prescotj at telusplanet.net
Thu Nov 5 13:37:27 PST 2009
I have an interesting story about what were served in Australia as
'Japanese' persimmons, as opposed to the regular kind normally
available in Australia.
To my father, the 'Japanese" persimmons tasted unripe. The owner
of the restaurant, when summoned, tasted them and pronounced them
One of my sisters, who takes after my father, also declared that
they seemed quite unripe.
To my mother they seemed just fine.
The other sister, who takes after my mother, also said that they
To me, who has a mixture of traits from both parents, they seemed
a bit tangy but perfectly edible. I happen to enjoy an acid edge
to many foods, for example preferring Granny Smith apples.
So there is presumably some genetic component to how a persimmon
tastes, whether ripe or not.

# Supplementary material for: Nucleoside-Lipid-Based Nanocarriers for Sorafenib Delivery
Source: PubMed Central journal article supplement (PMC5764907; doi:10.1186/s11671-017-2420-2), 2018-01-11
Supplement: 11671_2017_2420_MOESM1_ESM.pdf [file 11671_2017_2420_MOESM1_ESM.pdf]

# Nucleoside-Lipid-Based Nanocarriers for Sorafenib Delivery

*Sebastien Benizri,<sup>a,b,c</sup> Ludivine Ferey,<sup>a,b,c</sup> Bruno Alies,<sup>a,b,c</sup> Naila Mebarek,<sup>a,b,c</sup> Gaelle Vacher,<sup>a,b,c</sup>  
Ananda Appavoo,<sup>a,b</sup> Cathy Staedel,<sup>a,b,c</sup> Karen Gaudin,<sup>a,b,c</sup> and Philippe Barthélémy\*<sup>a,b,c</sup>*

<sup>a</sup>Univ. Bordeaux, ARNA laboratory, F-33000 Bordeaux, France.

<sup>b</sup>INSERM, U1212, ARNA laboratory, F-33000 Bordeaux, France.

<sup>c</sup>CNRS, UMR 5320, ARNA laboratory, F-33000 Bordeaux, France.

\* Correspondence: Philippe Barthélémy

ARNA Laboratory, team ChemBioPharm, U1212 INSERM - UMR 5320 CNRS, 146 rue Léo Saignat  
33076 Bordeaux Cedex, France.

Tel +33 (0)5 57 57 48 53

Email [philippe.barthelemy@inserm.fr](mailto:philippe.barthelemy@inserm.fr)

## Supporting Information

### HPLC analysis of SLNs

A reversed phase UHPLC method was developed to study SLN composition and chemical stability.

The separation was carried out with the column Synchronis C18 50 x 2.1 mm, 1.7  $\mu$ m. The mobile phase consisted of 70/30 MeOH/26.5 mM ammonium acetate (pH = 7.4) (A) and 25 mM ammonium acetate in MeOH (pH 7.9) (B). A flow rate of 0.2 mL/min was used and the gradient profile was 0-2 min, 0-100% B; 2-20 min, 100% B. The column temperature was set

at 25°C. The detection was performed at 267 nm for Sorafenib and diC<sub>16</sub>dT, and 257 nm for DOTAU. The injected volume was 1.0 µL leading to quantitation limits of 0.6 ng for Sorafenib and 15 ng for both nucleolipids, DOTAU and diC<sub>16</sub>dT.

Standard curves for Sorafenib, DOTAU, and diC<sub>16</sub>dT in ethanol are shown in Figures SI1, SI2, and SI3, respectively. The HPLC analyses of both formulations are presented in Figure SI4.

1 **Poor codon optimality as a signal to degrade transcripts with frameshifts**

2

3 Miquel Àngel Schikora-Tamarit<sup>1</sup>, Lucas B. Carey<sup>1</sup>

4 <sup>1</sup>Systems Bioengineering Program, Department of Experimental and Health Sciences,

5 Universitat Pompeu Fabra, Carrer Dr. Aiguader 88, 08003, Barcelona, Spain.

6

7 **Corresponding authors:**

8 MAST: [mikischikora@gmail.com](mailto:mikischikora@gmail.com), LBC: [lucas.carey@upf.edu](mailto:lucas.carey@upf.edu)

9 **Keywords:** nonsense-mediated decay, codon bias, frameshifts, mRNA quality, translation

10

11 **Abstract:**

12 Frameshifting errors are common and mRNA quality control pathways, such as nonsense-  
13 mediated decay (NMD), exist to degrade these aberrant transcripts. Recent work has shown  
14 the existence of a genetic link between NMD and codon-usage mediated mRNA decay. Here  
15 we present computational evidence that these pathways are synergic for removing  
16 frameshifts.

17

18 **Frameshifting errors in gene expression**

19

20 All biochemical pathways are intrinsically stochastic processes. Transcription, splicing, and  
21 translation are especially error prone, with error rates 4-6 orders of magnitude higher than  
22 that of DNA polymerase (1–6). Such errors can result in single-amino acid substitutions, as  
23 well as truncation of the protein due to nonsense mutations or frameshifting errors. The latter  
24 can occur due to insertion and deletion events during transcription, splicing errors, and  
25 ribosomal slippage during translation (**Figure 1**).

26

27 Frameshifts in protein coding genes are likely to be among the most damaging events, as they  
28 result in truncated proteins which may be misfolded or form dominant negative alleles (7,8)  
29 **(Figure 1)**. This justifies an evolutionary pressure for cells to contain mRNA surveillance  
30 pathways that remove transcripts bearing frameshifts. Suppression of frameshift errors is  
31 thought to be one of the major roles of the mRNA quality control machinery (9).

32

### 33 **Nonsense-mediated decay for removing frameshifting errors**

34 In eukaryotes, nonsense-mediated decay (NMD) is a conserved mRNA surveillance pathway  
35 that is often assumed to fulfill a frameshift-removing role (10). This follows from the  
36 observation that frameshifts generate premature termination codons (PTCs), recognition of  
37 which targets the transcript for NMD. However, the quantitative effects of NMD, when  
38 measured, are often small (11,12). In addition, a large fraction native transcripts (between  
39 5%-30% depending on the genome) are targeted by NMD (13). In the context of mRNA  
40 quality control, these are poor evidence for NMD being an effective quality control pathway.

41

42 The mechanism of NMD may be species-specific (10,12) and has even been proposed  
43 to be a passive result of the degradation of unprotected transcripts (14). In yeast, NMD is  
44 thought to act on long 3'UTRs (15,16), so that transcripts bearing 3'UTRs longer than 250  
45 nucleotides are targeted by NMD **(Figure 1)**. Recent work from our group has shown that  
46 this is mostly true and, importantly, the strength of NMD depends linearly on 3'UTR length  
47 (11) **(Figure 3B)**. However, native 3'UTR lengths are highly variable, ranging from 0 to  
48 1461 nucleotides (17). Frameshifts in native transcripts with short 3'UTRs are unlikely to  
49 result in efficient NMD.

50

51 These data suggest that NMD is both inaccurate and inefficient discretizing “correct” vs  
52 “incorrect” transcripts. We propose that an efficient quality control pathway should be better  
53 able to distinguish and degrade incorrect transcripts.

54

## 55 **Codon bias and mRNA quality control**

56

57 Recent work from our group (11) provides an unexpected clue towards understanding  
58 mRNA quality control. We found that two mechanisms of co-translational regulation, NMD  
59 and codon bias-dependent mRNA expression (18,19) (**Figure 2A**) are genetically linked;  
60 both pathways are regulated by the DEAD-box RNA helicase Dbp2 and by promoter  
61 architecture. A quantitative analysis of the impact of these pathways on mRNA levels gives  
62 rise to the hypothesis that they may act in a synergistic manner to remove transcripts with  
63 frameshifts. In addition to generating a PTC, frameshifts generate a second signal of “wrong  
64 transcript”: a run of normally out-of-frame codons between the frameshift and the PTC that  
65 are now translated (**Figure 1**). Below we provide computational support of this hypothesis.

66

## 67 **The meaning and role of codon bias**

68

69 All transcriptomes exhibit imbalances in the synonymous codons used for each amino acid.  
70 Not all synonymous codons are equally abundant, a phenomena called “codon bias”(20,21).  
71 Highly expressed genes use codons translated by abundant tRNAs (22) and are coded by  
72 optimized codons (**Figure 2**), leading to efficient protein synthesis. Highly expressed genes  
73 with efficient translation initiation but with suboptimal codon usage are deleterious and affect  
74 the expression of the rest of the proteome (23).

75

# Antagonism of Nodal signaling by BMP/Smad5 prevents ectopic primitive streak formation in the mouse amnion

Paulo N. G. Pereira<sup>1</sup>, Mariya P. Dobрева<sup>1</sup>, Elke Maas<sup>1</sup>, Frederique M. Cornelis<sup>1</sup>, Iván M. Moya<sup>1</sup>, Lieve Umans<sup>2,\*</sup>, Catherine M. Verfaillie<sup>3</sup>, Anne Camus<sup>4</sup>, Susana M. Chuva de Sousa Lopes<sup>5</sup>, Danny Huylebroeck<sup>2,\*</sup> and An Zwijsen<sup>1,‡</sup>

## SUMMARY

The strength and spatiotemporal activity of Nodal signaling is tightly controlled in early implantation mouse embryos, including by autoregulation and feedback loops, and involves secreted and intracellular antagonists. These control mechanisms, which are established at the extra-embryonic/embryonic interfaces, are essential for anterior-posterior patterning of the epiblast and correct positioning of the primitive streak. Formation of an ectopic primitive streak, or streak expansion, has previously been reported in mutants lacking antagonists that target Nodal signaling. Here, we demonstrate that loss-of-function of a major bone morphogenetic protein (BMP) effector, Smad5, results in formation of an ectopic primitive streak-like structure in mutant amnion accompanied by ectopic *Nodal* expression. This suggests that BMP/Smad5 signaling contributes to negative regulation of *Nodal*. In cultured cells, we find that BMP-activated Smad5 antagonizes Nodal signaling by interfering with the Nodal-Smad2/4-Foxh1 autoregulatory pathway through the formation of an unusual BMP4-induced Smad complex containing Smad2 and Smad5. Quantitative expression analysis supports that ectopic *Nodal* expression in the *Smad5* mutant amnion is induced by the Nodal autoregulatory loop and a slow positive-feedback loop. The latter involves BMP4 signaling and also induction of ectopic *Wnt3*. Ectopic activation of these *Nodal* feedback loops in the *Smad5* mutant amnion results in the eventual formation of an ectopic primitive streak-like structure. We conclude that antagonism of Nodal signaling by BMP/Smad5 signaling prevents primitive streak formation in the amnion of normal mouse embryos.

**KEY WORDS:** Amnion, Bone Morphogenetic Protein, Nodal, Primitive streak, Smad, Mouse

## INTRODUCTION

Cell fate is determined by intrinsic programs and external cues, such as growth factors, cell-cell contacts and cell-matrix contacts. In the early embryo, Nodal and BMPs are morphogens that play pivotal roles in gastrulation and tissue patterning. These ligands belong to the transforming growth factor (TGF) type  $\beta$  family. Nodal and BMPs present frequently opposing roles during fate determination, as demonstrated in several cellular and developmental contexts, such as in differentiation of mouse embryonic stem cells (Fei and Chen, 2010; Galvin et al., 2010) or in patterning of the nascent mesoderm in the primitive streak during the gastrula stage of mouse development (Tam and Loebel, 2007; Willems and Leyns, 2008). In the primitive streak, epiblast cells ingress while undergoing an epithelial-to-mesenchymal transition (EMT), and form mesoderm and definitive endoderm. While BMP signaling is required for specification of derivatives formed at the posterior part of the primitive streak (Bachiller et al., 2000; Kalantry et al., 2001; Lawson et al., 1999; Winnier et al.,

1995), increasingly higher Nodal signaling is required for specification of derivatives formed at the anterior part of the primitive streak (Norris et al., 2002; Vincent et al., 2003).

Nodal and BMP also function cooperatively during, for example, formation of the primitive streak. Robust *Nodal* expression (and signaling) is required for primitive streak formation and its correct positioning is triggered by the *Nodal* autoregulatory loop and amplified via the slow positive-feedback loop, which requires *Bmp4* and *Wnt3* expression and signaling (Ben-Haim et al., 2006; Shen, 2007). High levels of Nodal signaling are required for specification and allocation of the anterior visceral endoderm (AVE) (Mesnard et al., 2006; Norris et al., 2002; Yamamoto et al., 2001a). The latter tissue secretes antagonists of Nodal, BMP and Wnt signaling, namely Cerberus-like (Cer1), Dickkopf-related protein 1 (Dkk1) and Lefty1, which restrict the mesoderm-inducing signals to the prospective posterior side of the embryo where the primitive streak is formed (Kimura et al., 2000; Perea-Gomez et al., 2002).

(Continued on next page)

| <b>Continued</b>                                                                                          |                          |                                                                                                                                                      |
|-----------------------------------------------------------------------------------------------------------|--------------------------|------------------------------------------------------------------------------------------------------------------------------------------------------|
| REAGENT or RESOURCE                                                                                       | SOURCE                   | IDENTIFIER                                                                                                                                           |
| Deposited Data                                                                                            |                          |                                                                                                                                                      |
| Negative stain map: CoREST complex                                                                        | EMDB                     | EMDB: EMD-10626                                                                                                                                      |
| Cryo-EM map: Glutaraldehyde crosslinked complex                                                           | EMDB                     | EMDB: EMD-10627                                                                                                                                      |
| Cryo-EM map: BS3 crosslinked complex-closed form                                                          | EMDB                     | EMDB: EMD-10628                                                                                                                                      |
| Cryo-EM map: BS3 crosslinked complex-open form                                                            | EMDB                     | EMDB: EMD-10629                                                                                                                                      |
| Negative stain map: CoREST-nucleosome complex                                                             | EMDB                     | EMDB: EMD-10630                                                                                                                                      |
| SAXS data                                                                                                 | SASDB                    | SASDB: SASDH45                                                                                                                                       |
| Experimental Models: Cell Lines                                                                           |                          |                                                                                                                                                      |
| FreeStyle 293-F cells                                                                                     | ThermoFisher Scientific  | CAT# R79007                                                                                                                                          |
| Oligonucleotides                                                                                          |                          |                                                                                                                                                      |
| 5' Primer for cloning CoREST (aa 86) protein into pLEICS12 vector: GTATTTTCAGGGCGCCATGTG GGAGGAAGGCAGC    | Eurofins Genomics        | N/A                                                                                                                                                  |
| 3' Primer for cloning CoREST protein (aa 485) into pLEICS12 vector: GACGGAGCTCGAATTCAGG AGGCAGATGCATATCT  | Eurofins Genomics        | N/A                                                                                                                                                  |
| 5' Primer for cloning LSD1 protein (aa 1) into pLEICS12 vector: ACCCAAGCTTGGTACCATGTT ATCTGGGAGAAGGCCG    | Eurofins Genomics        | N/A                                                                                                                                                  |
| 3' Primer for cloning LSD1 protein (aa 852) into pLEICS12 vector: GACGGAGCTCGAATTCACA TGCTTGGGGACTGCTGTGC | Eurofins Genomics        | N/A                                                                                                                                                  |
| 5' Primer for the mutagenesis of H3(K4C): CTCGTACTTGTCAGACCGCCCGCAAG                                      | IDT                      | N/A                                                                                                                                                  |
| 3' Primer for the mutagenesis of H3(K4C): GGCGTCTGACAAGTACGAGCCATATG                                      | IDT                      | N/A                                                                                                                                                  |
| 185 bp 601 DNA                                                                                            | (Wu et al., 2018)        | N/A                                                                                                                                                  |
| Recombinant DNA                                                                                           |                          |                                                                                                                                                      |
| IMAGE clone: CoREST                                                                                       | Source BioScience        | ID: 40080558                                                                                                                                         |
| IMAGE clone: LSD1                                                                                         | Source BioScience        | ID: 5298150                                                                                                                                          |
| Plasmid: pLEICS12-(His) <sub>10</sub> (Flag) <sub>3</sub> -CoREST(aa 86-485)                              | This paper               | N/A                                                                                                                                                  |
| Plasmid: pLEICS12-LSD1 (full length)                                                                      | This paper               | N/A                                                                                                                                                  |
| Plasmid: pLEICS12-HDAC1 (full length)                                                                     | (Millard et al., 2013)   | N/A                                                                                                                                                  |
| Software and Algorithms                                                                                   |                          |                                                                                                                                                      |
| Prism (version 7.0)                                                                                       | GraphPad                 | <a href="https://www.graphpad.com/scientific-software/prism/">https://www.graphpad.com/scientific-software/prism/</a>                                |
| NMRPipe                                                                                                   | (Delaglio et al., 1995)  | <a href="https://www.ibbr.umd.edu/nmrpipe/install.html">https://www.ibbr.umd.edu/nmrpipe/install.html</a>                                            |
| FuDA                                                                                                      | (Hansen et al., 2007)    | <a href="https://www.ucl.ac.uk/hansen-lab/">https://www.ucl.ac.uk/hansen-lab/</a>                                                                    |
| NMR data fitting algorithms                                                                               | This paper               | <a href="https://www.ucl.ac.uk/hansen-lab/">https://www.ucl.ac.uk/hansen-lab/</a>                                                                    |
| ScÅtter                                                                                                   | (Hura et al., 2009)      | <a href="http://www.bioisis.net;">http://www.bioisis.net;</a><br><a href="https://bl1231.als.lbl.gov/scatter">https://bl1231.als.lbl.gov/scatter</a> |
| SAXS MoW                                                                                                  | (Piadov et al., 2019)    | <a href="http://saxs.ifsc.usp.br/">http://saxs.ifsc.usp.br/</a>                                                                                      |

I have noted also a (presumably) genetic component to how hot
Indian spicing tastes versus how hot Thai spicing tastes. To
me the Thai tastes much hotter, whereas to a former girlfriend
the Indian tasted much hotter. An interesting reversal of
At 1:59 PM -0600 11/5/09, otsisto wrote:
> My local Gerbs is carrying them. How do you know their ripe? The ones G
> carries is firm like a sweet pepper and orange in color.
> They looks like this
> How do you tell the difference between European and American Persimmons?
> Sorry, life got busy and I havn't been keeping up with a lot of threads.
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